Federal Communications Commission Chairman Julius Genachowski turned his annual lovefest wth CEA president Gary Shapiro at the Consumer Electronics Show (CES) into a bully pulpit Wednesday, prodding an ambivalent U.S. Congress to pass a law allowing incentive auctions of broadband spectrum, and to act fast, without "tying the hands" of the FCC.
In a 30-minute address to a packed ballroom at CES, which preceded one of his amiable "one-on-ones" with Shapiro, Genachowski urged Congress to forestall an impending "spectrum crunch" -- caused by "an ocean of demand" for broadband use by consumers. He asked legislators to not hamstring a new law that would authorize the FCC to structure and manage the sale and redistribution of under-used and unused spectrum.
The new authorization passed in the House in December, but faces opposition in the Senate, and President Barack Obama has threatened to veto it in its present form. Two proposed restrictions, inserted into the legislation by House Republicans, threaten to delay enactment, perhaps indefinitely.
These restrictions would limit the FCC's ability to set the terms for who can bid in the auctions, and it would end the FCC's practice of giving some spectrum away, at no cost, to previously unlicensed holders.
Citing the potential of earning "$25 billion in cash for the Treasury" through these auctions, the FCC Chairman said, "We need to get it done now and we need to get it done right," without the restrictions in the House bill. Genachowski noted that four Senators had come outr in favor of preserving the FCC's current auction authority. He quoted a statement by Senators John Kerry (D-Mass.), Olympia Snowe (R-Me.), Mark Warner (D-Va.) and Jerry Moran (R-Kan.), which said, in part, "Spectrum is a vital public asset...We must suppress our desire to be overly prescriptive."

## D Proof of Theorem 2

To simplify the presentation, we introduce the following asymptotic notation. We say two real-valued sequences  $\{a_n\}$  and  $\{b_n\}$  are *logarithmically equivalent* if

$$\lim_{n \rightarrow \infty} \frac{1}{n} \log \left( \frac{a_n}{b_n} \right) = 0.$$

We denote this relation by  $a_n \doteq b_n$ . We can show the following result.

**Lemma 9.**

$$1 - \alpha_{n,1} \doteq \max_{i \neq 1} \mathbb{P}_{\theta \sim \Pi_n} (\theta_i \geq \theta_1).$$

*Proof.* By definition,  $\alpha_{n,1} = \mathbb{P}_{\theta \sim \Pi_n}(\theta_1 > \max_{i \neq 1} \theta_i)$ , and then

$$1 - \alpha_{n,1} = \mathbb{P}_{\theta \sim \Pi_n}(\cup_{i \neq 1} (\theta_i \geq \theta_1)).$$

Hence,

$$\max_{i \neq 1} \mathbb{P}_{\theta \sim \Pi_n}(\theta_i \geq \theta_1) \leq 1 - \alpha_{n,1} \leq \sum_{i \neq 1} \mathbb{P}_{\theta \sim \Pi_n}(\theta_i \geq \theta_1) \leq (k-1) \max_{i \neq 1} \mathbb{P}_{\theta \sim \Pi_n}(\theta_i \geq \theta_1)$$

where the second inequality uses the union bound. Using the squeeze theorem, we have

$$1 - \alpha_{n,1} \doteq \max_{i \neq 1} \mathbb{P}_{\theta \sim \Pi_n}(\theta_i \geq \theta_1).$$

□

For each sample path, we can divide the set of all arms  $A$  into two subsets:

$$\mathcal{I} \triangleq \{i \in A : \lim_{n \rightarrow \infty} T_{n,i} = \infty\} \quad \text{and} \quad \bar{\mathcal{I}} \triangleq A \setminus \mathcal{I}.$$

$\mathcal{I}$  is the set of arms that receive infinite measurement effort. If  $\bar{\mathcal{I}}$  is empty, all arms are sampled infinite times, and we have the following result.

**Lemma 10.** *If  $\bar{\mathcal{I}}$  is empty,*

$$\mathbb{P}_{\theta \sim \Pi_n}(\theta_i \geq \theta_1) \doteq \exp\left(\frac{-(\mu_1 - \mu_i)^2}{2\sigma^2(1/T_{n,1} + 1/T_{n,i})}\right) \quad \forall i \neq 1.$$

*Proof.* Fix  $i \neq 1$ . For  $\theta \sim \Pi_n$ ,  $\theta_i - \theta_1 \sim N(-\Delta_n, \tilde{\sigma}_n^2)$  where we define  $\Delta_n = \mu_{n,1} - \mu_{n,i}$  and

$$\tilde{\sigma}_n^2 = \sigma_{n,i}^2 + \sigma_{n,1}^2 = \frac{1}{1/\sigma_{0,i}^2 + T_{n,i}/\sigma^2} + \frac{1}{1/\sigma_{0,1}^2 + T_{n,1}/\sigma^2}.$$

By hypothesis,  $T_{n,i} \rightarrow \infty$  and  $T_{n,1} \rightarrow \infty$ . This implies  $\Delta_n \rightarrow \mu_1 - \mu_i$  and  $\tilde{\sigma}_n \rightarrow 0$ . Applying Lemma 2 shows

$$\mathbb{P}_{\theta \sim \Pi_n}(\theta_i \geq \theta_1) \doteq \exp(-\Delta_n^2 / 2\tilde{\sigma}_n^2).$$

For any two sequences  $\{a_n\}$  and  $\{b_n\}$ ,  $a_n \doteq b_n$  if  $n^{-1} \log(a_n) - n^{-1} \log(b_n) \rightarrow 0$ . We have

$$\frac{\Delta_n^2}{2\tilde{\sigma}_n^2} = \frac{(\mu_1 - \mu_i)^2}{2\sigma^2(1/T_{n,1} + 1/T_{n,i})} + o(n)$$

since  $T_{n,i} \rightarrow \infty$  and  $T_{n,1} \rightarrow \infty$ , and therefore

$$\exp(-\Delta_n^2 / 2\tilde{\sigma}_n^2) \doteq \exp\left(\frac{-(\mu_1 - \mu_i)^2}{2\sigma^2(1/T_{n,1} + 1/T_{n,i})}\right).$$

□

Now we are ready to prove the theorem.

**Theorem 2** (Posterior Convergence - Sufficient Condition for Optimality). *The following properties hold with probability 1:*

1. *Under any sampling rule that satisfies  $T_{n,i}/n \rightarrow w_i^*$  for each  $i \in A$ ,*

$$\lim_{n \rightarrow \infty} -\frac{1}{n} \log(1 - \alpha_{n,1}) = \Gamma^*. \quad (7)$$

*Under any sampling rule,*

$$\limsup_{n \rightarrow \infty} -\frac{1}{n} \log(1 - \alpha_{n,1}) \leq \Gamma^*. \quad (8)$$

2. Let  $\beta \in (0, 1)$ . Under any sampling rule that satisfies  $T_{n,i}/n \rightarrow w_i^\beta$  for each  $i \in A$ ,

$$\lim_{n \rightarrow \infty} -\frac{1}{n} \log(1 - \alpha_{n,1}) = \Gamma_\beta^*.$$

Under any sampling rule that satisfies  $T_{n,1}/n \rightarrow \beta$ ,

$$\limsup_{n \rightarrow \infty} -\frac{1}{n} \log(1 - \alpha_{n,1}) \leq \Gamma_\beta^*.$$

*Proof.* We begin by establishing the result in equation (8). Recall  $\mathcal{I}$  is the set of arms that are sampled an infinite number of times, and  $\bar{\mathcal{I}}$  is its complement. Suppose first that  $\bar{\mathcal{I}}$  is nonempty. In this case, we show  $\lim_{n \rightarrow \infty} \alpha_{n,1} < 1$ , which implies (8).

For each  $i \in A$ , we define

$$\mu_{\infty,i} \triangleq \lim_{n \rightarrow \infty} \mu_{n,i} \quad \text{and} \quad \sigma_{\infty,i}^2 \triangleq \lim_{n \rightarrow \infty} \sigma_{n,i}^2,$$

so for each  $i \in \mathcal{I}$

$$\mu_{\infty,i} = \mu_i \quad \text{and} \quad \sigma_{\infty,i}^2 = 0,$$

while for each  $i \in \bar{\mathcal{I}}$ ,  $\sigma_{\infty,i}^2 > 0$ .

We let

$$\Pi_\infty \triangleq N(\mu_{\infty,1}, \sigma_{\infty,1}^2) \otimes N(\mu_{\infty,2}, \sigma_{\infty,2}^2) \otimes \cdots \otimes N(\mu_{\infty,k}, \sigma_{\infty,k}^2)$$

Genachowski noted that, when the FCC auctioned spectrum in 1994, it was the first such regulatory action in history. But, he said, it set a world standard for such auctions in other countries and triggered U.S. leadership in mobile and broadband technology. He said, "The opportunities in the broadband commuity are huge... There are few better opportunities for expanding the economy than broadband."
But he added that placing restrictions on how to conduct the auctions could result in unintended consequences, including American slippage in competitiveness to countries that are moving aggressively on the broadband front. "The cost of tying our hands could be devastating in a fast-moving global economy."
As an example of the task the FCC faces, Genachowski noted that New York City alone now has 28 broadcast stations licensed to use spectrum. He cited broad agreement that New York doesn't need or fully use all that spectrum. But the FCC has to determine how much should be left in place and how much can be re-distributed by auction, with a minimum of delay and controversy.
On the issue of allocating unlicensed spectrum, Genachowski admitted that the up-front revenue from such giveaways is zero. But their impact on the economy in innovation, investment, new businesses and job creation is more than an equitable payoff, he argued. Among the products and systems that have resulted from the FCC's allocation of spectrum to unlicensed holders are garage-door openers and baby monitors, cordless phones, Bluetooth and WiFi.
I see this as a case of greed, all around.
From the corporate standpoint, why does NYC *not* use all of the TV spectrum efficently? Simple. Because the TV content owners prefer to tie their content to media that charge subscribers by the month, instead of using ad revenues alone. The so-called "dual revenue streams," ads plus subscriptions.
And why is the FCC so bent on grabbing that TV spectrum and selling it to similar walled gardens, such as broadband providers? Simple. Because they stand to rake in the proceeds from the auctions, which will of course ultimately be paid for by the broadband subscribers - you and me.
I have always found it distasteful to see this FCC so bent on grabbing TV spectrum to hand it over to broadband providers, even though the mere addition of 100 MHz of spectrum is not where the big payoff is, for broadband providers. Not when you look at the channel widths being considered for 4G. And worse, the low TV frequencies are less than ideal for cellular systems to boot!
If spectrum were leased rather than sold by the FCC then economic pressures could drive shifts in utilization. When bandwidth was allocated to an unnecessary function, it could be repurposed. Central control by the FCC would be desirable - otherwise individual companies reselling their spectrum for other purposes could cause interference by conflicting applications.
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